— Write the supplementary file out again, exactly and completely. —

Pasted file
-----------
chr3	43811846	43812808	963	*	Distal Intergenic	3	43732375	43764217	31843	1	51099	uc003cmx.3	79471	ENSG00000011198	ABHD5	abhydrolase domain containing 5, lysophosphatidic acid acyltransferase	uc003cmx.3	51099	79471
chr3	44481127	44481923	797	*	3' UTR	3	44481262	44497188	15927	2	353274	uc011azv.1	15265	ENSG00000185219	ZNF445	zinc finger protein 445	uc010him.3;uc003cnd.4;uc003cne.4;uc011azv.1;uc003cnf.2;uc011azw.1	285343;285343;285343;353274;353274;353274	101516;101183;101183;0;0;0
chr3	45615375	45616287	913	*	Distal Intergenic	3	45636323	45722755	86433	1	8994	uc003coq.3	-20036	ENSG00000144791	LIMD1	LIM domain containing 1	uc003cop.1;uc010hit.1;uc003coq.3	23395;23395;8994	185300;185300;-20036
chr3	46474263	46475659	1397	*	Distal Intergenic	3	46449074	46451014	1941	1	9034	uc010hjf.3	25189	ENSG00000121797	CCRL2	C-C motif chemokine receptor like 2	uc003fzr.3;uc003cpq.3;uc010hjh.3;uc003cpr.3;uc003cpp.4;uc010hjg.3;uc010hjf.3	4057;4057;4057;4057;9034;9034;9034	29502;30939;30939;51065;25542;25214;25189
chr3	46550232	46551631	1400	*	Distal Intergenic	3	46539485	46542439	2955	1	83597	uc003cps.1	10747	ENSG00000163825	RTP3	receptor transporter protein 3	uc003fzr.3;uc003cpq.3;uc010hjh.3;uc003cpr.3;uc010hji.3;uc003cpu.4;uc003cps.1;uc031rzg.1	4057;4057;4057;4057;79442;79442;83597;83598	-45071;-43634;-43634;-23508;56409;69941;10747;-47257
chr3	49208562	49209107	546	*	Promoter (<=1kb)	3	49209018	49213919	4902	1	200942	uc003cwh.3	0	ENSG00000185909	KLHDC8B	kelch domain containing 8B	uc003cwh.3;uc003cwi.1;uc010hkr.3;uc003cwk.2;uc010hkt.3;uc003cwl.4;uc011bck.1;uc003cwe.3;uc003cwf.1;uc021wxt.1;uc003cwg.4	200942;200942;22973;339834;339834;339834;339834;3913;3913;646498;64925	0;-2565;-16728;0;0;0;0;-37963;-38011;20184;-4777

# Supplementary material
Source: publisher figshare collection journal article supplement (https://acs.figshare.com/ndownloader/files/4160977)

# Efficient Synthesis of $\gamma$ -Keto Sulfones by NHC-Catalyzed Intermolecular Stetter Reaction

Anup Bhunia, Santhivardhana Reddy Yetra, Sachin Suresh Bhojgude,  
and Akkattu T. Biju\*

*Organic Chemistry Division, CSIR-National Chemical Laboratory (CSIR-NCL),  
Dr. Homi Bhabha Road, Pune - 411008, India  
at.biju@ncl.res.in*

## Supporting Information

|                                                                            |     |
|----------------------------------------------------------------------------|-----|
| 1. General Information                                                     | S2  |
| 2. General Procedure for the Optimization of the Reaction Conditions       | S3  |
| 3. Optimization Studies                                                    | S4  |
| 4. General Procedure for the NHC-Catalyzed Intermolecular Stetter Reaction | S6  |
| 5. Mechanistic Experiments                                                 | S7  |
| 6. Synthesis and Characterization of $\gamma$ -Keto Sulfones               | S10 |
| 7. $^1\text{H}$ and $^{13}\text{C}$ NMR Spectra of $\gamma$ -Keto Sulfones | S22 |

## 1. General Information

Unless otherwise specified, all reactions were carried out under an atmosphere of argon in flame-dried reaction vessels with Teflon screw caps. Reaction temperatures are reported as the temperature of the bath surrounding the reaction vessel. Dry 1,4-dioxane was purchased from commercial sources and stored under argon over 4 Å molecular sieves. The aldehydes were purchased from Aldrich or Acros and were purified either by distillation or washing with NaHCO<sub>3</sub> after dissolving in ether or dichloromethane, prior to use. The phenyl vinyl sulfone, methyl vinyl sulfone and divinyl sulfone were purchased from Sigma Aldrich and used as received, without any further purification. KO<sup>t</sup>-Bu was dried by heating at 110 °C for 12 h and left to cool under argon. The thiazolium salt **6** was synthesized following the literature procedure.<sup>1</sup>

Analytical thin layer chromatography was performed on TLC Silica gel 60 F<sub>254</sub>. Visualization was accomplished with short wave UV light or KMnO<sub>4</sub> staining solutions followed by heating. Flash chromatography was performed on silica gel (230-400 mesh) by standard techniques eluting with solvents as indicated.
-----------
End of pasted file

chr3	43811846	43812808	963	*	Distal Intergenic	3	43732375	43764217	31843	1	51099	uc003cmx.3	79471	ENSG00000011198	ABHD5	abhydrolase domain containing 5, lysophosphatidic acid acyltransferase	uc003cmx.3	51099	79471
chr3	44481127	44481923	797	*	3' UTR	3	44481262	44497188	15927	2	353274	uc011azv.1	15265	ENSG00000185219	ZNF445	zinc finger protein 445	uc010him.3;uc003cnd.4;uc003cne.4;uc011azv.1;uc003cnf.2;uc011azw.1	285343;285343;285343;353274;353274;353274	101516;101183;101183;0;0;0
chr3	45615375	45616287	913	*	Distal Intergenic	3	45636323	45722755	86433	1	8994	uc003coq.3	-20036	ENSG00000144791	LIMD1	LIM domain containing 1	uc003cop.1;uc010hit.1;uc003coq.3	23395;23395;8994	185300;185300;-20036
chr3	46474263	46475659	1397	*	Distal Intergenic	3	46449074	46451014	1941	1	9034	uc010hjf.3	25189	ENSG00000121797	CCRL2	C-C motif chemokine receptor like 2	uc003fzr.3;uc003cpq.3;uc010hjh.3;uc003cpr.3;uc003cpp.4;uc010hjg.3;uc010hjf.3	4057;4057;4057;4057;9034;9034;9034	29502;30939;30939;51065;25542;25214;25189
chr3	46550232	46551631	1400	*	Distal Intergenic	3	46539485	46542439	2955	1	83597	uc003cps.1	10747	ENSG00000163825	RTP3	receptor transporter protein 3	uc003fzr.3;uc003cpq.3;uc010hjh.3;uc003cpr.3;uc010hji.3;uc003cpu.4;uc003cps.1;uc031rzg.1	4057;4057;4057;4057;79442;79442;83597;83598	-45071;-43634;-43634;-23508;56409;69941;10747;-47257
chr3	49208562	49209107	546	*	Promoter (<=1kb)	3	49209018	49213919	4902	1	200942	uc003cwh.3	0	ENSG00000185909	KLHDC8B	kelch domain containing 8B	uc003cwh.3;uc003cwi.1;uc010hkr.3;uc003cwk.2;uc010hkt.3;uc003cwl.4;uc011bck.1;uc003cwe.3;uc003cwf.1;uc021wxt.1;uc003cwg.4	200942;200942;22973;339834;339834;339834;339834;3913;3913;646498;64925	0;-2565;-16728;0;0;0;0;-37963;-38011;20184;-4777

# Supplementary material
Source: publisher figshare collection journal article supplement (https://acs.figshare.com/ndownloader/files/4160977)

# Efficient Synthesis of $\gamma$ -Keto Sulfones by NHC-Catalyzed Intermolecular Stetter Reaction

Anup Bhunia, Santhivardhana Reddy Yetra, Sachin Suresh Bhojgude,  
and Akkattu T. Biju\*

*Organic Chemistry Division, CSIR-National Chemical Laboratory (CSIR-NCL),  
Dr. Homi Bhabha Road, Pune - 411008, India  
at.biju@ncl.res.in*

## Supporting Information

|                                                                            |     |
|----------------------------------------------------------------------------|-----|
| 1. General Information                                                     | S2  |
| 2. General Procedure for the Optimization of the Reaction Conditions       | S3  |
| 3. Optimization Studies                                                    | S4  |
| 4. General Procedure for the NHC-Catalyzed Intermolecular Stetter Reaction | S6  |
| 5. Mechanistic Experiments                                                 | S7  |
| 6. Synthesis and Characterization of $\gamma$ -Keto Sulfones               | S10 |
| 7. $^1\text{H}$ and $^{13}\text{C}$ NMR Spectra of $\gamma$ -Keto Sulfones | S22 |

## 1. General Information

Unless otherwise specified, all reactions were carried out under an atmosphere of argon in flame-dried reaction vessels with Teflon screw caps. Reaction temperatures are reported as the temperature of the bath surrounding the reaction vessel. Dry 1,4-dioxane was purchased from commercial sources and stored under argon over 4 Å molecular sieves. The aldehydes were purchased from Aldrich or Acros and were purified either by distillation or washing with NaHCO<sub>3</sub> after dissolving in ether or dichloromethane, prior to use. The phenyl vinyl sulfone, methyl vinyl sulfone and divinyl sulfone were purchased from Sigma Aldrich and used as received, without any further purification. KO<sup>t</sup>-Bu was dried by heating at 110 °C for 12 h and left to cool under argon. The thiazolium salt **6** was synthesized following the literature procedure.<sup>1</sup>

Analytical thin layer chromatography was performed on TLC Silica gel 60 F<sub>254</sub>. Visualization was accomplished with short wave UV light or KMnO<sub>4</sub> staining solutions followed by heating. Flash chromatography was performed on silica gel (230-400 mesh) by standard techniques eluting with solvents as indicated.